Terrorism In India

It is possible to classify terrorism in India into 4 categories:
  • Militancy of Jammu and Kashmir: After losing the initial battle in 1947 and later the wars of 1965 and 1971, Pakistan resorted to low-intensity warfare tactics as it realised that, in a full-scale direct war, it could not prevail over India. Since the late eighties, it has strongly funded separatists and insurgent rebellions in the Kashmir Valley.UPSC Prelims 2024 dynamic test series
  • North-East insurgency: In the whole north-east, there are more than 100 tribal groups. British policies have contributed to their separation from the rest of India. There are currently a number of insurgent outfits with different demands to monitor Bangladesh's illegal immigration, separate statehood, secession.
  • Terrorism of the Left Wing (Naxalism): It aims to seize political power to establish the so-called people's government through armed struggle.
  • Indoctrination: Religious ideology has become a central means of indoctrination and terrorist preparation. To attract and radicalize people through videos and propaganda, extremists use blogs and social media. Suicide, self-sacrifice, or martyrdom was orchestrated and committed by religiously motivated people
  • Technology: advanced means of communication: electronic media, print media, social media, and the internet help to promote extremist ideology and hate campaigns across international boundaries more rapidly. In order to provide guidance and information on how to organize and prepare for attacks- blogs and social media posts serve as a "virtual training camp" or forum for ideas. Cell phones, satellite phones and GPS systems are other tools used to commit acts of terror.
  • Feelings of alienation and deprivation among local citizens, violation of human rights, oppression of the dignity of life, disconnection from mainstream societies, dissatisfaction with the government.
  • Porosity of neighbouring countries' borders-Bangladesh, Myanmar, Bhutan, Nepal. Some of it is due to rough terrain and some of it is due to government bilateral agreements.
  • Violation of land ceiling rules, non-regularization of traditional land rights, acquisition and reconstruction of land without sufficient compensation, destruction of old tribal-forest relationships.
  • In order to gain easy money, ties between terrorism and organized crime.
  • Simple weapons and ammunition availability.
  • Development deficit: Unemployed and poor young people with high ambitions are the victims of a trap set by terrorist groups that attract them with short-term profits of money, food, clothing, shelter and ask them to carry out terrorist acts such as suicide car bombing.
  • Terrorist and Disruptive Activities (Prevention) Act: Generally referred to as TADA, the anti-terrorism law was in effect in the form of the Punjab insurgency between 1985 and 1995 and extended to the whole of India. It became effective on 23 May 1985. In 1989, 1991 and 1993, it was renewed before being permitted to expire in 1995 due to growing unpopularity following widespread allegations of harassment.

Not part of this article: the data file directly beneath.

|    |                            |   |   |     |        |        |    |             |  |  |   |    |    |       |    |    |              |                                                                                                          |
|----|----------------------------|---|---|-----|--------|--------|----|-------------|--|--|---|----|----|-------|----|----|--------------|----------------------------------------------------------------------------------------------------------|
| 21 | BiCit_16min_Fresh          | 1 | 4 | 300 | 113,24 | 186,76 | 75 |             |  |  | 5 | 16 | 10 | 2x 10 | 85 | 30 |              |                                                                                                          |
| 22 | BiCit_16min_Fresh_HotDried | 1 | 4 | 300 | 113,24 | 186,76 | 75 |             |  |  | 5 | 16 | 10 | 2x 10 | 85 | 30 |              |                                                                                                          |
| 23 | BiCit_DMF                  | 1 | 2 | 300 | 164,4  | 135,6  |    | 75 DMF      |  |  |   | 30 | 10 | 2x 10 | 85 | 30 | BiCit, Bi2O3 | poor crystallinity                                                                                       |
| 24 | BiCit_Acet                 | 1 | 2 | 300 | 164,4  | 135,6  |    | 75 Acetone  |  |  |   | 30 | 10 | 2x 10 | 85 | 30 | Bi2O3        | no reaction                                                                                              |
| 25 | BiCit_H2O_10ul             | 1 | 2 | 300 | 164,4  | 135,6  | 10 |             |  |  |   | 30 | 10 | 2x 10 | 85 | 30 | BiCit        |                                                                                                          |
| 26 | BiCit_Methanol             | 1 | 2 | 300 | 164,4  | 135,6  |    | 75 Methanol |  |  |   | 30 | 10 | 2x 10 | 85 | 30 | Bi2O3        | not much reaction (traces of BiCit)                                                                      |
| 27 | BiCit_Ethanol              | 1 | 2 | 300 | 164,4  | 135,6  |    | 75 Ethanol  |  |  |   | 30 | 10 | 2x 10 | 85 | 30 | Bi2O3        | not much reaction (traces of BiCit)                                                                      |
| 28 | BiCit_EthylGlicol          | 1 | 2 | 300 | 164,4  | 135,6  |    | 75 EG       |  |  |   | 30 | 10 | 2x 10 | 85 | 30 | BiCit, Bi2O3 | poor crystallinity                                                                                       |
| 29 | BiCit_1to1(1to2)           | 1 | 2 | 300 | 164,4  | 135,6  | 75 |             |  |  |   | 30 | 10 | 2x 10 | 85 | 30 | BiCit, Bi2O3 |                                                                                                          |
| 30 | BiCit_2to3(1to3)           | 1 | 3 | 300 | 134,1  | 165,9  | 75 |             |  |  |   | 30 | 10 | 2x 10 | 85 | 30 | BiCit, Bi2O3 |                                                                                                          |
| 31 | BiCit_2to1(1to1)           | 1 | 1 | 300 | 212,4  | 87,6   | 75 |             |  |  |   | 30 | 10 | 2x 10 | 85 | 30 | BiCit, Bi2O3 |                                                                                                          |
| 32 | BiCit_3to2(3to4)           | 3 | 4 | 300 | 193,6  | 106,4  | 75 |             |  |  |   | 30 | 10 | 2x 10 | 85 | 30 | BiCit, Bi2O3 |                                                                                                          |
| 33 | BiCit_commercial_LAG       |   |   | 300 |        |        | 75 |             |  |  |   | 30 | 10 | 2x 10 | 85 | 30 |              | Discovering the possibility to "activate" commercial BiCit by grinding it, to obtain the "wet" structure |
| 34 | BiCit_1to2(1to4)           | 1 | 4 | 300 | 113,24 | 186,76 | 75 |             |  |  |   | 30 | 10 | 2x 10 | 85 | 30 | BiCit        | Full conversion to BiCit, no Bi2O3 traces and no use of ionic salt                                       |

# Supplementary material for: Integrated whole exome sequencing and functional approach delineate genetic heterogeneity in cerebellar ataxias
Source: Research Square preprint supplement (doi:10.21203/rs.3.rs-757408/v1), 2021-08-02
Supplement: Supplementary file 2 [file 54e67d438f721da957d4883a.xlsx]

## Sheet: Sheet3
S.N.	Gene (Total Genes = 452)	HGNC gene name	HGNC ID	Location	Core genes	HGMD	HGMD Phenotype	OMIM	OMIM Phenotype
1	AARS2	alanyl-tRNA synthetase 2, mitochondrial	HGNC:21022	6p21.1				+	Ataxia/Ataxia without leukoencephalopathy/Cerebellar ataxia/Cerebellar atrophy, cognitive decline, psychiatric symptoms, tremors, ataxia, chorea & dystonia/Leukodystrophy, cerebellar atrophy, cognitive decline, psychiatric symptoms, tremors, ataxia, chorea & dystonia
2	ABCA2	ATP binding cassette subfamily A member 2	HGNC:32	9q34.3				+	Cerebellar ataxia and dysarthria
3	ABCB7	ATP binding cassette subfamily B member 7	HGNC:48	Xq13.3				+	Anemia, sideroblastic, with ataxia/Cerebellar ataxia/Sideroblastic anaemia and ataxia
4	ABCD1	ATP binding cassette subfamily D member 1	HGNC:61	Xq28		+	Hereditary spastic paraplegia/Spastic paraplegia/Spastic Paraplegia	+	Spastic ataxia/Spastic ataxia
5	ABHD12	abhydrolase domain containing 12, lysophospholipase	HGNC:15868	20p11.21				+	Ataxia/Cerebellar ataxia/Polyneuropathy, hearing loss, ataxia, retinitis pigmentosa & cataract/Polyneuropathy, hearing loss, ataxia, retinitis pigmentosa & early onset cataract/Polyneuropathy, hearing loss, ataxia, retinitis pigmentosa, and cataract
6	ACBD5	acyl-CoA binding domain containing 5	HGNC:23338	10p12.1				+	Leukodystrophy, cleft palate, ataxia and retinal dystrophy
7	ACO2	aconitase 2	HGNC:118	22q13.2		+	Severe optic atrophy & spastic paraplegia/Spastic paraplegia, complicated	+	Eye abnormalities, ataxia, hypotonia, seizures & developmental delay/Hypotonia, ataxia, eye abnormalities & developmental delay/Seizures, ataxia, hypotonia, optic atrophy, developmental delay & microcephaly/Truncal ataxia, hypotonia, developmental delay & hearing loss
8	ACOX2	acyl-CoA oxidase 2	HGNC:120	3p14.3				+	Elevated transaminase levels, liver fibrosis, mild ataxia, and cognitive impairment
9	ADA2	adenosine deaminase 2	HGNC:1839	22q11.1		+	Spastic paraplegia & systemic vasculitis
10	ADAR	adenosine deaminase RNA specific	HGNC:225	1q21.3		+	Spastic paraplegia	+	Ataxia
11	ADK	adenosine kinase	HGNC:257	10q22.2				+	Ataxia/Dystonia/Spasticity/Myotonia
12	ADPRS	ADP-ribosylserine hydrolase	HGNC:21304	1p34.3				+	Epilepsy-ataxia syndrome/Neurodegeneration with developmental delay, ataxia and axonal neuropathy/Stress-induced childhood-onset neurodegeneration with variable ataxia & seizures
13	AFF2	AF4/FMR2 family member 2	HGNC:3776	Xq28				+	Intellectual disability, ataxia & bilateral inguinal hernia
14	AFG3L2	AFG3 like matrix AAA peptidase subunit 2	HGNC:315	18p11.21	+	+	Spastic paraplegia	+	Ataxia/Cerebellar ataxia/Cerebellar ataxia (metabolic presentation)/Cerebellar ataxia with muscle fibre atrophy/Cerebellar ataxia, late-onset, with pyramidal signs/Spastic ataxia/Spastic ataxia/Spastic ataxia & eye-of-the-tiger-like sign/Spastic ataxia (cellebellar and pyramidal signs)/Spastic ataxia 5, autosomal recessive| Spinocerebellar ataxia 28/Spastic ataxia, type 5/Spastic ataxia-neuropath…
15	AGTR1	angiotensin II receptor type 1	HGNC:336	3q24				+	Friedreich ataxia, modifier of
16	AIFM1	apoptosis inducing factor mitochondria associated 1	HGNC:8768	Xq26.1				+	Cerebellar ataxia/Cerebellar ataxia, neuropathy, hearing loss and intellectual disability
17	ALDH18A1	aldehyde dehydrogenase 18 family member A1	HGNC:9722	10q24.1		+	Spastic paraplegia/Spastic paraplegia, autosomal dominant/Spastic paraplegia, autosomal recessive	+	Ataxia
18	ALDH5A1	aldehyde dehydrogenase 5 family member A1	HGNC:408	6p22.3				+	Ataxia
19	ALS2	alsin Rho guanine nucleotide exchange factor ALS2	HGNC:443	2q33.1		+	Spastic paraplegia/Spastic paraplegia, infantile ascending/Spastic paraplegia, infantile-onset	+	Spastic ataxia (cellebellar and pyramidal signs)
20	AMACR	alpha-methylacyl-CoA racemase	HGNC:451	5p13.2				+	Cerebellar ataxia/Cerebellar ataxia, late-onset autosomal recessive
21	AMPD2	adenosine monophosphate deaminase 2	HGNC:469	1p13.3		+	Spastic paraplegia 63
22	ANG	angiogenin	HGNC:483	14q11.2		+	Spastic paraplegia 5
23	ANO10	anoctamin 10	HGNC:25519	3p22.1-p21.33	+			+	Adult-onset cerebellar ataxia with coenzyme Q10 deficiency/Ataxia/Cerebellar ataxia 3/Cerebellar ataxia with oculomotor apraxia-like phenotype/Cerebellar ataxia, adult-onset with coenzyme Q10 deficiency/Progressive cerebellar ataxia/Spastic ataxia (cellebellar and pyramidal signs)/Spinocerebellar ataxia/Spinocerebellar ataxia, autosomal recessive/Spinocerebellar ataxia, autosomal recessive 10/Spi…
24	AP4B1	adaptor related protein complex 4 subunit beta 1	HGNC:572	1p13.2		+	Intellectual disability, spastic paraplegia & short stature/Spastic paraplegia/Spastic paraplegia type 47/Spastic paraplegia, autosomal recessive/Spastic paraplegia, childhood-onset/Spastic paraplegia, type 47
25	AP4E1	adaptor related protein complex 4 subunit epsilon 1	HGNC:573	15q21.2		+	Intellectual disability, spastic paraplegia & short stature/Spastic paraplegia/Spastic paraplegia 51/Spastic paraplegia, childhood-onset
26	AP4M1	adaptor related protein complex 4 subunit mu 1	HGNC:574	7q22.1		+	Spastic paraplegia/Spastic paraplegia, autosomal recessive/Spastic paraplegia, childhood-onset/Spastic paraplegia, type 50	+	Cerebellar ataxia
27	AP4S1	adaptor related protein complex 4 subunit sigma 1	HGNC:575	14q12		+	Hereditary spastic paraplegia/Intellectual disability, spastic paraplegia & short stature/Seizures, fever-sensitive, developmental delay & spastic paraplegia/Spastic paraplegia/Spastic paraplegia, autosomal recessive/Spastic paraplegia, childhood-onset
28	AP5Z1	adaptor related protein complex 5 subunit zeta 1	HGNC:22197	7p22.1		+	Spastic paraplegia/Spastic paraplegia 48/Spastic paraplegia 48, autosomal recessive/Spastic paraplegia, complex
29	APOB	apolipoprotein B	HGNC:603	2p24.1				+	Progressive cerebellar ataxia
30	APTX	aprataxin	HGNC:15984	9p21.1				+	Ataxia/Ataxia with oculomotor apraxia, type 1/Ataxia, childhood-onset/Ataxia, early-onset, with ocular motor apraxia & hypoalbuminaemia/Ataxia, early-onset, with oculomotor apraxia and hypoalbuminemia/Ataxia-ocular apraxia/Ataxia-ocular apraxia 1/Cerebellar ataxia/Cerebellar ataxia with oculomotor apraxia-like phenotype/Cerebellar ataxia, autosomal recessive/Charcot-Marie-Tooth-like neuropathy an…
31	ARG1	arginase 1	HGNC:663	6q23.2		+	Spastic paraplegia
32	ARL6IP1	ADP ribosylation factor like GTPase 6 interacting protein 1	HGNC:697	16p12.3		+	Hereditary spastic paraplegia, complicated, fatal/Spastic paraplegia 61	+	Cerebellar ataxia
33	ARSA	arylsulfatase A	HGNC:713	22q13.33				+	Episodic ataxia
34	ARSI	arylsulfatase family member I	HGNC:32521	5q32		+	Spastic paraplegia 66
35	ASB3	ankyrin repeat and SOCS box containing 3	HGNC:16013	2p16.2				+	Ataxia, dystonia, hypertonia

• The Prevention of Terrorism Act, 2002 (POTA): The Prevention of Terrorism Act, 2002 (POTA) was an Act passed by Parliament in 2002 to improve anti-terrorism operations. The Act was enacted as a result of several terrorist attacks in India , especially in response to the attack on Parliament. The 2001 Prevention of Terrorism Ordinance (POTO) and the Terrorist and Disruptive Activities (Prevention) Act have been superseded by the Act. The Act was repealed by the government in 2004. The National Security Act, 1980 and the Illegal Activities (Prevention) Act, 1967 are the laws in effect to regulate terrorism in India at present.
  • National Security Act, 1980: The National Security Act is a strict law providing for months of preventive detention if the authorities are convinced that an individual is a danger to national security or law and order.

To counter terrorism, a holistic approach is required. It needs commitment from all the government, security forces, civil society and media stakeholders.
  • Political: There should be a supreme national interest. It should be above and above the politics of the ballot bank. Political parties should come together and make a request for all ways of fighting terrorism.
  • Legal: We need to have a very strict anti-terrorism laws and quick-track courts that can offer judgement within 3-4 months.
  • Police: Improve the state police by upgrading their training capacities and by providing them with modern surveillance, investigation and operating facilities.
  • Media: The media often engage in excessive discussions on matters of concern from a national security point of view. In a democracy, discussion is always welcome, but the media should take a more dispassionate stance on certain topics.
  • Public: It is important to inform the general public about the evil plans of our neighbouring countries. Interreligious unity and working together for peace should be supported by both the majority and minority groups.

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